Regardless of what kind of tension it is that gets to you, all are coupled with the release of figuring out how to best whatever foe you’re facing. Nothing pairs with the imposing might of a hulking architectural ox-beast like showing it who’s boss once you’ve solved the puzzle of how to get to its sore spot. You swim around a still lake as Avion the bird looms like a shadow of death. You wait. He waits. What’s he gonna, do? What’s this damn bird gonna do? And then you provoke it, and next thing you know, you’re riding this thing to valhalla, blood spewing from its wing as you hold on for dear life.

 

Getting a grip

 

shadow of the colossus

 

Shadow of the Colossus is mechanically much the same as it ever was, which is mostly fine. The Wanderer has a stamina bar and health meter. Both can be improved as the player goes on through the game. Stamina is used for grip, which you’ll need a whole hell of a lot of when holding onto a colossus as it thrashes about, desperate to get you off before it gets tired and gives you the chance to take a sizable stab at its massive glowing weak point.

Patience and resilience are both skills this system demands. Sometimes you get a weak spot on something like an arm or wing, where there’s enough steady fur-ground to hold onto. But Shadow of the Colossus is not a twitch-based game. The wanderer has his own physics, and everything else does as well. As stated, hitting a colossus in its weak spot takes a moment, as every attack must be to some degree charged. This can be frustrating, but the reward of downing one of these impossibly ancient creatures is incredible. It’s interesting that this game came out so close on the heels of Monster Hunter: World, because it’s a similar kind of rush.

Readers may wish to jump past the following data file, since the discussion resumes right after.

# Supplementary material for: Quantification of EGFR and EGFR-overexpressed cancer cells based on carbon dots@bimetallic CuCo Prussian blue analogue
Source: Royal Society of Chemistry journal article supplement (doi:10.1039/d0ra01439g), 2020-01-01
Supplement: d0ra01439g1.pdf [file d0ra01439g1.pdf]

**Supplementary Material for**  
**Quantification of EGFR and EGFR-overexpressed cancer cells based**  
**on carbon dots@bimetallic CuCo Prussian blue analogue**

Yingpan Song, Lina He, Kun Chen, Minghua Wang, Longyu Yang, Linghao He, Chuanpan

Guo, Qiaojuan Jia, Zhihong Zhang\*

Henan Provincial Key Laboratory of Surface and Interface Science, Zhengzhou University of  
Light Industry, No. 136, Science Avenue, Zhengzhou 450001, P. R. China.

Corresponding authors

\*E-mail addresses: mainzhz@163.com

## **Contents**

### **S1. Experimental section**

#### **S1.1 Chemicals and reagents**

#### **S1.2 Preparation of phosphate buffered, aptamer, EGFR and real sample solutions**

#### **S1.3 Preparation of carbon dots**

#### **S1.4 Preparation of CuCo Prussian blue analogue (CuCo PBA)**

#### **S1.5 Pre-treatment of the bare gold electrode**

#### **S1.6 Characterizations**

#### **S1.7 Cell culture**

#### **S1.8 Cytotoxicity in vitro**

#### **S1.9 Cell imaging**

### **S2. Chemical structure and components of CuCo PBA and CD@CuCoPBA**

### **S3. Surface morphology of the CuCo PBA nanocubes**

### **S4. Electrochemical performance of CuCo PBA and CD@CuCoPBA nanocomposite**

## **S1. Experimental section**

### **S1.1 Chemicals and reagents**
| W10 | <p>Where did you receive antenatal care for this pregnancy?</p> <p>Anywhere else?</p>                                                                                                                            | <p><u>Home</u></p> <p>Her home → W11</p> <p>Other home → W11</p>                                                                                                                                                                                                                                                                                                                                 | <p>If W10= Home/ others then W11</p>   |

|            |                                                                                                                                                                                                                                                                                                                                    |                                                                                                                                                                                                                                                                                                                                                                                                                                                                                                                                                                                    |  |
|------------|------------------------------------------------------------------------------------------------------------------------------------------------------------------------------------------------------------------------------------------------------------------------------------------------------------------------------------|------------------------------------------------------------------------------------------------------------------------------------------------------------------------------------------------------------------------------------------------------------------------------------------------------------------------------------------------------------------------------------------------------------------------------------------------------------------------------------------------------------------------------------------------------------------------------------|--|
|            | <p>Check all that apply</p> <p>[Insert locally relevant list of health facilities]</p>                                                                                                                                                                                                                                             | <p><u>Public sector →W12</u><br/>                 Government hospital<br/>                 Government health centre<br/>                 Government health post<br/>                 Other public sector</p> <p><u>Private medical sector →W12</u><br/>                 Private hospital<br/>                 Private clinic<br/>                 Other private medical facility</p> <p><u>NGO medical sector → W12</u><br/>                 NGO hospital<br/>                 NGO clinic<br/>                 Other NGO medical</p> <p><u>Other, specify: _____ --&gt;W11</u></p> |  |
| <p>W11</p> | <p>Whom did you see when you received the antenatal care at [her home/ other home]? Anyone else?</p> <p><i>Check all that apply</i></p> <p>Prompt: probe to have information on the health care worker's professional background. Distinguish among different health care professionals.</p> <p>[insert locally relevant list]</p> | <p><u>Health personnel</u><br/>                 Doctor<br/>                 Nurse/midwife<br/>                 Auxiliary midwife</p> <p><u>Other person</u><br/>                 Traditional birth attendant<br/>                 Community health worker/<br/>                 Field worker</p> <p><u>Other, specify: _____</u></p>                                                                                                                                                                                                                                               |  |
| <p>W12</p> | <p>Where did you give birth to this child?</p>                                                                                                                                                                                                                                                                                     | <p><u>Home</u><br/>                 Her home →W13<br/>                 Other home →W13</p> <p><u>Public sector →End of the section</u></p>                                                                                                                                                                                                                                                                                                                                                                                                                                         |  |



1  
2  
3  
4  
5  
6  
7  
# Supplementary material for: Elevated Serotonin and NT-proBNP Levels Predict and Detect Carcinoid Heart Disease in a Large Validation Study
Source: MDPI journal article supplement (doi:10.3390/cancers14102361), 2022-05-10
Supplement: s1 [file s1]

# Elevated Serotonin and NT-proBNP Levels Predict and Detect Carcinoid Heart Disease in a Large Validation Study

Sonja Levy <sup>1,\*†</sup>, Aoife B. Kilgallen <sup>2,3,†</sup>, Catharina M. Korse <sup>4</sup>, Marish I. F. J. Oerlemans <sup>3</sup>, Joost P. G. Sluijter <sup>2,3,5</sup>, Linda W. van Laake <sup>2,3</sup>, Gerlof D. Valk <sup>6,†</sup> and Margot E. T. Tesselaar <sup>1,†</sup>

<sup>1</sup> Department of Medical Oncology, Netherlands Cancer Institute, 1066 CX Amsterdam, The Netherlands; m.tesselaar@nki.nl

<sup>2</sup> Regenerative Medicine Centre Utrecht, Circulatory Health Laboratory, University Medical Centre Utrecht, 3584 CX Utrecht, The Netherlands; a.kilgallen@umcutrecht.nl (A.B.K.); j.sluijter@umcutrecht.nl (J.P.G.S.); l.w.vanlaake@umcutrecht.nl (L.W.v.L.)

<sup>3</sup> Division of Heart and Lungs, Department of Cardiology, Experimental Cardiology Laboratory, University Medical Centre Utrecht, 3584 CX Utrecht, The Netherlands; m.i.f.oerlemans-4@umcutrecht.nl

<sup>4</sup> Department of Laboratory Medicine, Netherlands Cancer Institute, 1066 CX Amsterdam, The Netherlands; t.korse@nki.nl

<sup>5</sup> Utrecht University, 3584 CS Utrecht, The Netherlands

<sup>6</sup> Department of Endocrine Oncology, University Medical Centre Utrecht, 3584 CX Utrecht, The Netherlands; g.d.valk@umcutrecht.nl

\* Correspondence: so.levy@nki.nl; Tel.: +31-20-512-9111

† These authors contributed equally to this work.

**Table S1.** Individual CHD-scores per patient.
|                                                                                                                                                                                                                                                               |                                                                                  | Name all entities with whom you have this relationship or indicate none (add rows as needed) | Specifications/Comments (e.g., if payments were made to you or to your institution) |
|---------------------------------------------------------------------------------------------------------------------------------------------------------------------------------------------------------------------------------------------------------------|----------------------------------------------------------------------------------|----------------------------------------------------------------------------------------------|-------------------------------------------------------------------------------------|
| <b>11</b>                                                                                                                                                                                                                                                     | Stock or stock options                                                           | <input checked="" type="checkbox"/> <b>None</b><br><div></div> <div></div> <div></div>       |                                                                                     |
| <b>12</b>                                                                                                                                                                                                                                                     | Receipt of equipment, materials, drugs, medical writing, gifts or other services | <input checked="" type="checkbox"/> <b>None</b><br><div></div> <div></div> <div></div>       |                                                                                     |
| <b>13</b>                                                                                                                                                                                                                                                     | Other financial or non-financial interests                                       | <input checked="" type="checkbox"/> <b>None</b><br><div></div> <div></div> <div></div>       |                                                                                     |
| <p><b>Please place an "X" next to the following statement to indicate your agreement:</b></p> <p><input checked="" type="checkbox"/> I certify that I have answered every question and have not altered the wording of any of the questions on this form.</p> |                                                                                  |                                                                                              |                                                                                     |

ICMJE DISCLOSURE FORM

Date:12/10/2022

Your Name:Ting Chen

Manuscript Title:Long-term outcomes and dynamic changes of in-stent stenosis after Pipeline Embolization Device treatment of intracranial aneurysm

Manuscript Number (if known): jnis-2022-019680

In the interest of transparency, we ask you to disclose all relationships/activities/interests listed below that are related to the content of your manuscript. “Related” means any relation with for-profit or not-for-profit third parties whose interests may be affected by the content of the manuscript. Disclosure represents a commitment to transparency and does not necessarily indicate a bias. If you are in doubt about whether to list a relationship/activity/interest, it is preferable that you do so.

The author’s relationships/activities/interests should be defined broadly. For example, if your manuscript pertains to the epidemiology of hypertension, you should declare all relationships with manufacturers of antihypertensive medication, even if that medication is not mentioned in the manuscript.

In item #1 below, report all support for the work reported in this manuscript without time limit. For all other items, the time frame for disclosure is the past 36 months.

Unfortunately, it’s not perfect. I was lucky enough not to face the worst of it, personally, but many players have reported issues occasionally popping in causing the wanderer to climb in the wrong direction or lose grip suddenly while there’s still some left in the meter. I only ran into a small instance of this with the game’s final colossus. Generally speaking, these issues are nowhere near constant. But it’s more than a shame that they would crop up in a remake of a game that already had issues to begin with. Also, they couldn’t have fixed the thing where the horse slows down upon turning, even slightly? There is literally no reason for that to be there. Nobody is helped. Nothing is gained. Agro is still a stupid horse.

 

Large, old, enduring

 

Shadow of the Colossus is a beautiful remake of a PS2 classic. There are things it could have improved on but didn’t, and that is a shame. But the artistry with which every fight in the game’s 6-hour length presents itself endures.  As its own scenario, its own experiment, it’s own idea of how to raise tension and adrenaline. Outpacing giants on horseback, tricking monsters off ledges or into traps, and weaving through the woods and mountains and deserts and piecing together what once was, is just as magical as it ever was. Bluepoint found one of the most unique atmospheres of isolation in exploration in gaming, and managed to keep it intact as they rebuilt Shadow of the Colossus; by mountain, by forest, by titanic hulking beast.


Final Verdict: 4/5

 

Available on: PlayStation 4; Publisher: SONY Interactive Entertainment; Developer: SONY Interactive Entertainment Japan Studio, Bluepoint Studio; Players: 1 ; Released: February 6, 2018 ; MSRP: $39.99

Full disclosure: This review is based on a retail copy of Shadow of the Colossus (PS4) purchased by Hey Poor Player.

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Jay Petrequin started writing at HeyPoorPlayer in the summer of 2012, but first got his start writing for It's Super Effective, a Pokemon podcast that happened to be a reflection of two of his biggest interests: pocket monsters, and making people listen to him say things.